“Some people like to think of us as superheroes. The truth is, we are super animal lovers. Through the years, and through many caseloads, obstacles, and downright challenges, we remain strong and dedicated to our mission,” they said. They cooperated with the authorities to reduce and even stop animal abuse, so they made agreements with animal shelters and public organization. These kind people managed to offer a much better life for a lot of animals, as dogs, cats, horses, pigs and even fish. Regular people and even famous artists joined their cause. If things goes in different direction, they call the police. “We specialize in getting the abuser away from the dog. We truly work with the abuser. We go to a house; if it’s really cold out, we see two dogs in the back, we build them a doghouse,” Mr. Missari, a member of the team told NY Times.

The most important thing is that they all are so kind-hearted, on of them had to carry a little kitten for 10 days , because the kitten needed to be feed every 2 hours. They try to prove and to teach everyone that animal abuse is wrong and needs to stop, and they teach children to be kind and lovely with animals all the time. “Let’s just say an official goes to an abuser’s house, he pulls up in a cop car and, immediately the abuser knows the cop’s limitations, he has certain boundaries. But when we pull up, they don’t know what we’re going to do, they don’t know what we’re capable of doing. So it helps out big time,” the team said in an interview with People. These guys are real heroes!


(Story source: Hamrokhaber)

Coronavirus: Planning for your dog’s care if you become ill with Covid-19

While some members of the population are more at risk of becoming seriously ill with Covid-19 than others, it is still a virus that anyone can catch, and which can make even some younger people in seemingly good health very ill.

Dog Care

If you have a dog, even if you’re fully healthy and take all possible steps to avoid contracting Covid, you should still make a theoretical plan for your dog’s care in the event that you did become ill, and so were unable to leave home to walk your dog and potentially, were unable to care for their other needs too.

This article will tell you what to think about when it comes to planning for your dog’s care in case you became ill with Covid19. Read on to learn more.

Keep two weeks of food and meds in (but not more than a month)

First of all, it can be difficult at the moment to know how much of your essentials (ranging from toilet paper to your dog’s food) you should keep in reserve.

On the one hand, Covid restrictions and the Brexit transition is resulting in some products becoming unavailable or seeing supply chain disruption, but on the other hand, people panic-buying and stockpiling goods out of perceived and unfounded fears of shortages messes up the supply chain and limits availability far worse!

Coupled with this, we’re being asked to go out as infrequently as possible and so when we do shop, to get enough to keep us going without needing another trip soon; but also once more, not to buy more than we need.

Knowing then how much dog food and how much of any medication for the dog should be kept at home can be complicated anyway, but factor in planning for potential illness due to Covid, and also the expiry date of foods and medications, and it can be really hard to know what do to.

A good balance that will ensure you never run short but also don’t hold too much of anything is to keep two to four weeks of your dog’s food and medication on hand at all times, so that if you developed Covid-19 and either couldn’t go out or needed someone else to care for your dog, you’d be prepared and not have to worry about how to source their essentials while you were unwell.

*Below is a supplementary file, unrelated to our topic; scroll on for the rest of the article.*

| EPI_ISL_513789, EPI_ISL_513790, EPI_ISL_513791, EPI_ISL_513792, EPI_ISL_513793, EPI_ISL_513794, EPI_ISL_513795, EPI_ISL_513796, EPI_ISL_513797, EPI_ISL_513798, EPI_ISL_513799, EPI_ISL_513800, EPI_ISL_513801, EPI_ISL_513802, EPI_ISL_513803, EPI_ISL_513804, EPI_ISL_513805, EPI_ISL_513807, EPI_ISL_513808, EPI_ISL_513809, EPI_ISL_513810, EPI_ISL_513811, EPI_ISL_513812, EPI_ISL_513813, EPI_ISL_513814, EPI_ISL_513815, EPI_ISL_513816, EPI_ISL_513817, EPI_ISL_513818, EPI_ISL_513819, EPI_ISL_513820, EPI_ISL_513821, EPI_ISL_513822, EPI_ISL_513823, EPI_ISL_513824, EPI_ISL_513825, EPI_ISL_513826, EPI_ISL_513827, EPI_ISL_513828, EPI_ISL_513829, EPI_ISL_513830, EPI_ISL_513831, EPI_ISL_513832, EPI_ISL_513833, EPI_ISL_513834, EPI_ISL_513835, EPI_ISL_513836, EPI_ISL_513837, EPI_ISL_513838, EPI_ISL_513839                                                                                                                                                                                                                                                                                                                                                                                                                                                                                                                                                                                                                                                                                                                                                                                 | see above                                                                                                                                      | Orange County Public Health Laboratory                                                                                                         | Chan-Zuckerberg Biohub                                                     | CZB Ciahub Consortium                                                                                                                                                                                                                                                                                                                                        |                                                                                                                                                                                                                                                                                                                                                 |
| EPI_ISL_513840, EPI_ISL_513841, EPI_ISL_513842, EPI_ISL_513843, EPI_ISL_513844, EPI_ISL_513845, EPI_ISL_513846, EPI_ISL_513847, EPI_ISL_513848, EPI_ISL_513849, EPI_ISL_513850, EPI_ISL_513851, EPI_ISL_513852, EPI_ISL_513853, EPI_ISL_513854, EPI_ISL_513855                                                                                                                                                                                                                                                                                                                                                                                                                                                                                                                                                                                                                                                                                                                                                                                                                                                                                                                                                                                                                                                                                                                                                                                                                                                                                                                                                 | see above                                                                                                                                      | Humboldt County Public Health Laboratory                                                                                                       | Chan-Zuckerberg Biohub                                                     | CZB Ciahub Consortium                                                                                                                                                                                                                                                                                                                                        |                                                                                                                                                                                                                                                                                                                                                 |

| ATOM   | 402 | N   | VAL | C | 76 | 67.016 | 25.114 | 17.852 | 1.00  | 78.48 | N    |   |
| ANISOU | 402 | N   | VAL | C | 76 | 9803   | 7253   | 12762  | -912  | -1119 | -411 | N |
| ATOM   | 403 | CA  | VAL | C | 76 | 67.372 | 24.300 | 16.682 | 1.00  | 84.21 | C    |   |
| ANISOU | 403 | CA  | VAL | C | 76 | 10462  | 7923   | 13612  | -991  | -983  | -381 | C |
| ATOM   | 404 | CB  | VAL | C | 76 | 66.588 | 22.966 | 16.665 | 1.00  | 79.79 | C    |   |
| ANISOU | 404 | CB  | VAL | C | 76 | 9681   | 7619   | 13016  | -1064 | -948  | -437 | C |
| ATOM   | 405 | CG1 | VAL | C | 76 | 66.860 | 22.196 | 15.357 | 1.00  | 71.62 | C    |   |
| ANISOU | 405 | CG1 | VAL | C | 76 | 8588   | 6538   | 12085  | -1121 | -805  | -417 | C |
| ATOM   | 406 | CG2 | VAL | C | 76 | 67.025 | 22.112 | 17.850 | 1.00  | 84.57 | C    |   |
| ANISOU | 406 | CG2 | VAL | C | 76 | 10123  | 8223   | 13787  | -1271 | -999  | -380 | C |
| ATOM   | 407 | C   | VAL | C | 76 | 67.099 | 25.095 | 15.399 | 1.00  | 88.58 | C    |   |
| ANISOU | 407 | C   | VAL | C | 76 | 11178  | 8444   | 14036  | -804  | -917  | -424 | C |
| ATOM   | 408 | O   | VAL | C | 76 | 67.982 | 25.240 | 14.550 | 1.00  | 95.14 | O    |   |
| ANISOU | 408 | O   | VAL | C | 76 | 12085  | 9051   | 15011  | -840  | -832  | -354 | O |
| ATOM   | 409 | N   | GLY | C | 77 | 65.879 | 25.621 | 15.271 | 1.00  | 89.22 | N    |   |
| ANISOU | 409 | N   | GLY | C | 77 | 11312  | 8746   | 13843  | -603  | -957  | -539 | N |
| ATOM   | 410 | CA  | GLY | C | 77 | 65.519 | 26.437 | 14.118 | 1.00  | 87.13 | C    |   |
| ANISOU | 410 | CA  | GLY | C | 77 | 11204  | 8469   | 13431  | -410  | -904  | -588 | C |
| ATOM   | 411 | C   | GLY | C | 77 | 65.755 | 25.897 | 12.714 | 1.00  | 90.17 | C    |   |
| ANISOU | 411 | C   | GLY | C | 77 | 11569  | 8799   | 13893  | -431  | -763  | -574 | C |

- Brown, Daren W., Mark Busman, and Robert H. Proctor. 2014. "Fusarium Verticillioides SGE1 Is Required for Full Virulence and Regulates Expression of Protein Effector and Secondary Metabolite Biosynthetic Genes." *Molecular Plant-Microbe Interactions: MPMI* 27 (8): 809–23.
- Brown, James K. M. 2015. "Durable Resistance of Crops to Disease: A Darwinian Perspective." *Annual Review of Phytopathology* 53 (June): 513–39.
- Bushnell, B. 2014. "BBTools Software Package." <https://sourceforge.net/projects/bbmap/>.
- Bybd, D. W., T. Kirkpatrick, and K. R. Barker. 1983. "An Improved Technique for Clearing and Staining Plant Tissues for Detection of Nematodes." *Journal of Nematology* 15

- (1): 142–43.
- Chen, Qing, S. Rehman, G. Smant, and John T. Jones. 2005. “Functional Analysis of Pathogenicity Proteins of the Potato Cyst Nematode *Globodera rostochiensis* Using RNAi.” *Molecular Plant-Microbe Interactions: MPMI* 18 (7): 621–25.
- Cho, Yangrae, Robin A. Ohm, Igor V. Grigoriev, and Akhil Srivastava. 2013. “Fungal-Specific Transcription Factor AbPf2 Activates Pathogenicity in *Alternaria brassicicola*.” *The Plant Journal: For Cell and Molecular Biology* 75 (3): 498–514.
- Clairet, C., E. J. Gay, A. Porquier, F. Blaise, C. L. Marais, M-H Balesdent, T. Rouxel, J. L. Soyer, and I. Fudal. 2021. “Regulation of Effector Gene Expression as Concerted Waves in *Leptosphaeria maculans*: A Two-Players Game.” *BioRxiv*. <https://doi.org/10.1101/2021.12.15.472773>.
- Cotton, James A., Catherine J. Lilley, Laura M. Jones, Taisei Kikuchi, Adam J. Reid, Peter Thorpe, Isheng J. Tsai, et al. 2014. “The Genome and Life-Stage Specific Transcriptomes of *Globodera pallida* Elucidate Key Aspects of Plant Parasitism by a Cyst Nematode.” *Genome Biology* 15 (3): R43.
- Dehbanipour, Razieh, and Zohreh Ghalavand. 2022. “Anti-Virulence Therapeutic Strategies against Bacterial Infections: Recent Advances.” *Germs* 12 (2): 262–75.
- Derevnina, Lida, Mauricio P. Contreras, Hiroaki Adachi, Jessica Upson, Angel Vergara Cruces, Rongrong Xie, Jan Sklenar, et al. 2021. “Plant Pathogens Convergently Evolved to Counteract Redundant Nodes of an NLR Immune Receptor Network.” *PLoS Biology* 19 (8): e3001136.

Consider the logistics of how someone could help with your dog if needed

It can be hard to think about what you might need if you became ill in the future when you’re feeling just fine, but it is a good idea to run the what-ifs and consider the logistics of how things would work if you did become ill and needed help with your dog.

For instance, who would be able to walk them and how could you arrange this, how could you hand your dog off to them without contact and risk of exposure, and who could care for your dog if you were too sick to even feed or provide their care at home, or if you were taken into hospital.

Options to consider include things like dog walkers, kennels, friends, family and neighbours, local community care and volunteering groups (many of which have only formed in the last year due to Covid-19) and dog sitters who might be able to care for your dog in their home.

Draw up comprehensive information about your dog and their needs before you need it

If you fell ill with Covid and were feeling very poorly and this came as a surprise to you, you would no doubt struggle to try to let anyone who might be helping with your dog know the fine details of what they need and how they’re cared for.

It is important to draw this up while you’re healthy and hope you never need it! Include things like what and when your dog eats and how much, when they usually get walked and for how long, how they behave on the lead, if and how they are allowed off the lead, and vitally, any behavioural issues, fears, or potential problems someone else might face, even if that’s really unlikely.

Cover other things too like when they usually need the toilet, how they ask to get out, if they tend to scavenge or try to steal food, and what they’re allowed and not allowed to do; like sleep on beds.

Include information on who your dog’s vet is and the details your dog is registered under, any health issues or concerns, if they need grooming and brushing and how, and if they need to see a groomer at all as a welfare issue.

The more information you can provide, the better.

What if you don’t have friends or family that could help?